Yankees’ Three-Year Plan: Keep Building, Then Collect


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Closer Aroldis Chapman, left, with Starlin Castro, signed with the Yankees for five years, but he can opt out after three.

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Mike Stobe/Getty Images

NATIONAL HARBOR, Md. — You might think a $17.2 million annual salary, a new benchmark for closers, would be enough to get a five-year commitment to the Yankees from Aroldis Chapman. But that is not how free agency works.

The Yankees guaranteed Chapman $86 million in their new contract agreement, which will become official when Chapman passes a physical, but that was over five years. Chapman can opt out after three.

“Oh, I don’t like it,” General Manager Brian Cashman said Thursday, as the winter meetings concluded here. “It’s just, at the end of the day, I know that the competition we were up against were giving opt-outs in Year 1 and 2. So at least we were able to put it in Year 3.”

Let’s think ahead to how the Yankees might look in that 2019 season, the last one that ties Chapman to the Yankees. By then, he should have another superstar teammate or two.

Two years from now, at the winter meetings in Las Vegas, the free-agent class could include Bryce Harper, Manny Machado, Josh Donaldson, Matt Harvey, Dallas Keuchel, Andrew Miller, Zach Britton and, if they exercise opt-out clauses, Clayton Kershaw and David Price. The timeline matches neatly with the Yankees’ grand plan.

Some of the prospects the Yankees gathered last summer should be making an impact in the Bronx. Add two or three top free agents, and the 2019 Yankees could be loaded. That is when Chapman should have save opportunities deep into October.

Until then, the Yankees seem likely to be stuck in the middle — possible contenders, but lacking the depth of the dynamic young talent in Boston, Houston, Cleveland and elsewhere. Trying to win and build at the same time rarely works in the present, but we can count on a parade in 2019, right?

Young, inexpensive stars like Clint Frazier, Gleyber Torres, Gary Sanchez and Aaron Judge will balance out the salaries of the free agents and holdovers. Chapman will secure the final out of the World Series. That is the vision, anyway.

“They have to perform, they have to stay healthy, they have to continue to get better,” Cashman said. “Their projections lead to an exciting possibility, but this game’s difficult. There’s no guarantees. That’s why you collect as much as you can collect, and the game itself will separate the men from the boys and the best teams from the worst.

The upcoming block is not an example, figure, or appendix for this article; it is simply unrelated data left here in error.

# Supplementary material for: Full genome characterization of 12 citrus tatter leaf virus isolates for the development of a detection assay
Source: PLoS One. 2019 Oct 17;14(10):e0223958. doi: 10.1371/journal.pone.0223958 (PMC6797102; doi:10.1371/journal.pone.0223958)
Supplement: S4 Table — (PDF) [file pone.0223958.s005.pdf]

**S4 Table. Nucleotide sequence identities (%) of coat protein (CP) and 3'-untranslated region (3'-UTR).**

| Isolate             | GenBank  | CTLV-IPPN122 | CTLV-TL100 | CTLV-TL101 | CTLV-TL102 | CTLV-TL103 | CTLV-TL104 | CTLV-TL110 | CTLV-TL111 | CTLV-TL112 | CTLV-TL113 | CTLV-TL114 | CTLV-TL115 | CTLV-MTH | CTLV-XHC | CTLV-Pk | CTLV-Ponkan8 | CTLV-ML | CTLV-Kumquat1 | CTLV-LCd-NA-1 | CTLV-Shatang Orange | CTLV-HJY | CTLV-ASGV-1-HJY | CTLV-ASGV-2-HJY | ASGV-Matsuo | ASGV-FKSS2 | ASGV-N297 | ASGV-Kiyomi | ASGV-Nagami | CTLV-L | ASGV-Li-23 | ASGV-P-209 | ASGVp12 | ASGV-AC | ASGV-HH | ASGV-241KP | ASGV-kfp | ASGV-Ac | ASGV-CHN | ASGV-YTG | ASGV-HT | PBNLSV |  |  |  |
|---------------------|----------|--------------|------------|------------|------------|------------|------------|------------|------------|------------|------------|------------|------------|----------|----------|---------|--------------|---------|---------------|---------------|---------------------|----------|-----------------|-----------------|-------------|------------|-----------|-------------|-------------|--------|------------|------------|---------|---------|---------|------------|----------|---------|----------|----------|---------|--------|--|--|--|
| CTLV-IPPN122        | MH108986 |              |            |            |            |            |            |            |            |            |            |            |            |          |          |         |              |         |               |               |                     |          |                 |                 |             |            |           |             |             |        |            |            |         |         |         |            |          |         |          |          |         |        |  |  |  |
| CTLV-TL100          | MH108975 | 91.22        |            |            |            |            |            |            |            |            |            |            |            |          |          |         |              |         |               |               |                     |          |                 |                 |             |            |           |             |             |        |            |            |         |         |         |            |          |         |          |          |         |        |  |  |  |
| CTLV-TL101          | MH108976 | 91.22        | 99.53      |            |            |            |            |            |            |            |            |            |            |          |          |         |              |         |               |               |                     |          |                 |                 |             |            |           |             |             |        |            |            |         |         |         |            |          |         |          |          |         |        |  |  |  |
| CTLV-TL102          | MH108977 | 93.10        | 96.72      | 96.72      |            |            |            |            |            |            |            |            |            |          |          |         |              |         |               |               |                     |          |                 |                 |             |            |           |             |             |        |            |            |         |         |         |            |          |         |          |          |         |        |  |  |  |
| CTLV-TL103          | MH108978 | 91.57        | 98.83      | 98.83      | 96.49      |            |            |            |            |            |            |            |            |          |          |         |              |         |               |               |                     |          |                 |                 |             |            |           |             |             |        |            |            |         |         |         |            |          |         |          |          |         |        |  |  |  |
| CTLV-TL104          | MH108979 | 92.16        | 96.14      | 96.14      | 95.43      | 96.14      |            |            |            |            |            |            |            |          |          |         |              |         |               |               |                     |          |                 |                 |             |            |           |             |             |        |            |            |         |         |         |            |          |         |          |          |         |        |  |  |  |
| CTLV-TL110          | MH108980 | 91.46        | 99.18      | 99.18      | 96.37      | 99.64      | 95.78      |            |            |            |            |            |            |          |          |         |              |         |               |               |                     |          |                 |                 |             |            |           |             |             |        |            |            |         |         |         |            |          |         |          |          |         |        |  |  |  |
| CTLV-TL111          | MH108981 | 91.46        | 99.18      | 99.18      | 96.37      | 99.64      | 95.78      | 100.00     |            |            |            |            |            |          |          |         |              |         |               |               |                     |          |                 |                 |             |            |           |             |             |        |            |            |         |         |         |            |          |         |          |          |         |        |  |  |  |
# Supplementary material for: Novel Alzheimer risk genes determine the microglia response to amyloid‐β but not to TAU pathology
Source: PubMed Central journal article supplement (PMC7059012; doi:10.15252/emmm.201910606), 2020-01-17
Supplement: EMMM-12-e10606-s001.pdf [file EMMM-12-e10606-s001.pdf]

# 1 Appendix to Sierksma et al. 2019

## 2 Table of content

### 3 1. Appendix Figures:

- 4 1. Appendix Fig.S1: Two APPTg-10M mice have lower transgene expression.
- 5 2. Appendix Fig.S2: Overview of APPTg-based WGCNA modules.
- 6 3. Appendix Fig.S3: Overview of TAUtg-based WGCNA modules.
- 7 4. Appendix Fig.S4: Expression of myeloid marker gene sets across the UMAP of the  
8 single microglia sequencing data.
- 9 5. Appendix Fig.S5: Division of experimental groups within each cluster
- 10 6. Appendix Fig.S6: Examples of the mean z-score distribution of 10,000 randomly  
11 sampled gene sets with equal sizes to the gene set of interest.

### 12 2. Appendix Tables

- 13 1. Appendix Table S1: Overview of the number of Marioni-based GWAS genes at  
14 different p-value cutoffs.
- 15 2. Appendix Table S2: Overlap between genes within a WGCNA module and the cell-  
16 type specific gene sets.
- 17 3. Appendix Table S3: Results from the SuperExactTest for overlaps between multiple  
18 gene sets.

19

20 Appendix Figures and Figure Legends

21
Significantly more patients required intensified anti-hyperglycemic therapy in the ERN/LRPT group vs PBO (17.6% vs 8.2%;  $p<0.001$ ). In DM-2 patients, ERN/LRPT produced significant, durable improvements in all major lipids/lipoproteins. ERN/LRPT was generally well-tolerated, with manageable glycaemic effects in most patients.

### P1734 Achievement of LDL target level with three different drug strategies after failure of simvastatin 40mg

“We feel we’re on a trajectory to be joining some of the best teams in the game, and we’re taking the necessary steps to get there, and hopefully the payoff is going to come on the back end.”

The most important word in there? Collect. That is why Cashman traded Chapman, Miller and Carlos Beltran last summer, even though all were playing well. That is why he is not tempted to make major trades and letting rivals pay Tiffany prices for the exquisite items offered by the rebuilding Chicago White Sox.

“We aim high,” said Rick Hahn, the White Sox’ general manager, who dealt pitcher Chris Sale to Boston and outfielder Adam Eaton to Washington, with more deals likely to follow. “In order to move those types of players, you need to be motivated by what the return is going to be.”

So while the Yankees need starters, they passed on Sale. While they plan to experiment with Judge and Aaron Hicks in right field, they passed on Eaton. They are collecting, not divesting. Signing Chapman and designated hitter Matt Holliday (one year, $13 million) will not cost the Yankees a draft pick, the way a different closer (Kenley Jansen) or slugger (Edwin Encarnacion) would have.

“We’re avoiding losing the 16th pick in the draft right now,” Cashman said. “We thought that was important if we could. I’d like to continue adding and building.”

Keep adding, keep building. It is a wise strategy, but perhaps only the new, disciplined Yankees could do it while still breaking new ground in player contracts.

For years, Mariano Rivera held the record for highest salary for a reliever, at $15 million in his final seasons with the Yankees. Then Mark Melancon got a $15.5 million annual salary in his four-year deal with the San Francisco Giants this week. Chapman, the hardest thrower in baseball, commanded much more.

The Chicago Cubs traded Torres and others to the Yankees for Chapman in July, and General Manager Jed Hoyer said they could not have won the championship without him. Yet the Cubs recoiled at the idea of retaining Chapman at record prices, instead trading for Kansas City’s Wade Davis, who has one year of control.

Asked why the Yankees put such a premium on the closer spot, Cashman said he simply wanted to grab an elite player when he could.

“I wouldn’t say it’s the closer position necessarily as much as we’re looking to get some — in the scouting terminology — Group 7s and Group 8s,” Cashman said. “And if we can get as many Group 7 and 8s in certain categories, the better we are. In some cases, they’re homegrown, which is nice and cost-effective. In other cases, you have to import them from outside the organization, which isn’t cost-effective. But I think the goal of any team aspiring to be a championship-caliber team is you want to have as many Group 6s, 7s and 8s as we possibly can collect.”

So Chapman returns, another big part of the pinstriped collection. If his fastballs entertain fans for a while, and then he helps Harper, Torres and the gang win a title, he can seek even more riches and call it a job well done.

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